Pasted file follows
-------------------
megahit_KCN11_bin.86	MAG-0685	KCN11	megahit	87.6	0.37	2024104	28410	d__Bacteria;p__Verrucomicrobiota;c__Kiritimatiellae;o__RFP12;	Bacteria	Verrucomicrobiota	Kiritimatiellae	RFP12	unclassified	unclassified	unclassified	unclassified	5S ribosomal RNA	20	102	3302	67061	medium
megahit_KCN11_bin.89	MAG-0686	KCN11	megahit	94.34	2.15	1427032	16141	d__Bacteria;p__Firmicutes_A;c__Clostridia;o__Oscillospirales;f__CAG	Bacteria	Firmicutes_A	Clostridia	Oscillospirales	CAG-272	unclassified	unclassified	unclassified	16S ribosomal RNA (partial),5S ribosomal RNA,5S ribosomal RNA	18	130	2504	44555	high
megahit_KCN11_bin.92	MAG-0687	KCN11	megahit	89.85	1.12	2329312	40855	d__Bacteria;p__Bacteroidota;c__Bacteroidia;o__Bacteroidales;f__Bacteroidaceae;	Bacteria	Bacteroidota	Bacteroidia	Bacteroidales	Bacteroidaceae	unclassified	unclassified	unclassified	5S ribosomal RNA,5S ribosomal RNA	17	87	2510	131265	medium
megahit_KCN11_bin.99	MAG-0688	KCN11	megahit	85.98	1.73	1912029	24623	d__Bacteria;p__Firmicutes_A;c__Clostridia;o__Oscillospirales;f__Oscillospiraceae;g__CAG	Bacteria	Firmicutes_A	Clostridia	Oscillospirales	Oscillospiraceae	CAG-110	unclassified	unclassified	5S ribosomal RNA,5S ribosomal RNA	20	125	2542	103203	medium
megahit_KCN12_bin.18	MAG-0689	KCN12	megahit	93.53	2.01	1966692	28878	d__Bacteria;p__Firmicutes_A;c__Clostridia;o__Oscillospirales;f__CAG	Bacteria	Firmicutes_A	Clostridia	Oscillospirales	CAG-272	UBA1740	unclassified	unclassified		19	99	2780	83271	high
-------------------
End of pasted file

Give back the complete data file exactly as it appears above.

megahit_KCN11_bin.86	MAG-0685	KCN11	megahit	87.6	0.37	2024104	28410	d__Bacteria;p__Verrucomicrobiota;c__Kiritimatiellae;o__RFP12;	Bacteria	Verrucomicrobiota	Kiritimatiellae	RFP12	unclassified	unclassified	unclassified	unclassified	5S ribosomal RNA	20	102	3302	67061	medium
megahit_KCN11_bin.89	MAG-0686	KCN11	megahit	94.34	2.15	1427032	16141	d__Bacteria;p__Firmicutes_A;c__Clostridia;o__Oscillospirales;f__CAG	Bacteria	Firmicutes_A	Clostridia	Oscillospirales	CAG-272	unclassified	unclassified	unclassified	16S ribosomal RNA (partial),5S ribosomal RNA,5S ribosomal RNA	18	130	2504	44555	high
megahit_KCN11_bin.92	MAG-0687	KCN11	megahit	89.85	1.12	2329312	40855	d__Bacteria;p__Bacteroidota;c__Bacteroidia;o__Bacteroidales;f__Bacteroidaceae;	Bacteria	Bacteroidota	Bacteroidia	Bacteroidales	Bacteroidaceae	unclassified	unclassified	unclassified	5S ribosomal RNA,5S ribosomal RNA	17	87	2510	131265	medium
megahit_KCN11_bin.99	MAG-0688	KCN11	megahit	85.98	1.73	1912029	24623	d__Bacteria;p__Firmicutes_A;c__Clostridia;o__Oscillospirales;f__Oscillospiraceae;g__CAG	Bacteria	Firmicutes_A	Clostridia	Oscillospirales	Oscillospiraceae	CAG-110	unclassified	unclassified	5S ribosomal RNA,5S ribosomal RNA	20	125	2542	103203	medium
megahit_KCN12_bin.18	MAG-0689	KCN12	megahit	93.53	2.01	1966692	28878	d__Bacteria;p__Firmicutes_A;c__Clostridia;o__Oscillospirales;f__CAG	Bacteria	Firmicutes_A	Clostridia	Oscillospirales	CAG-272	UBA1740	unclassified	unclassified		19	99	2780	83271	high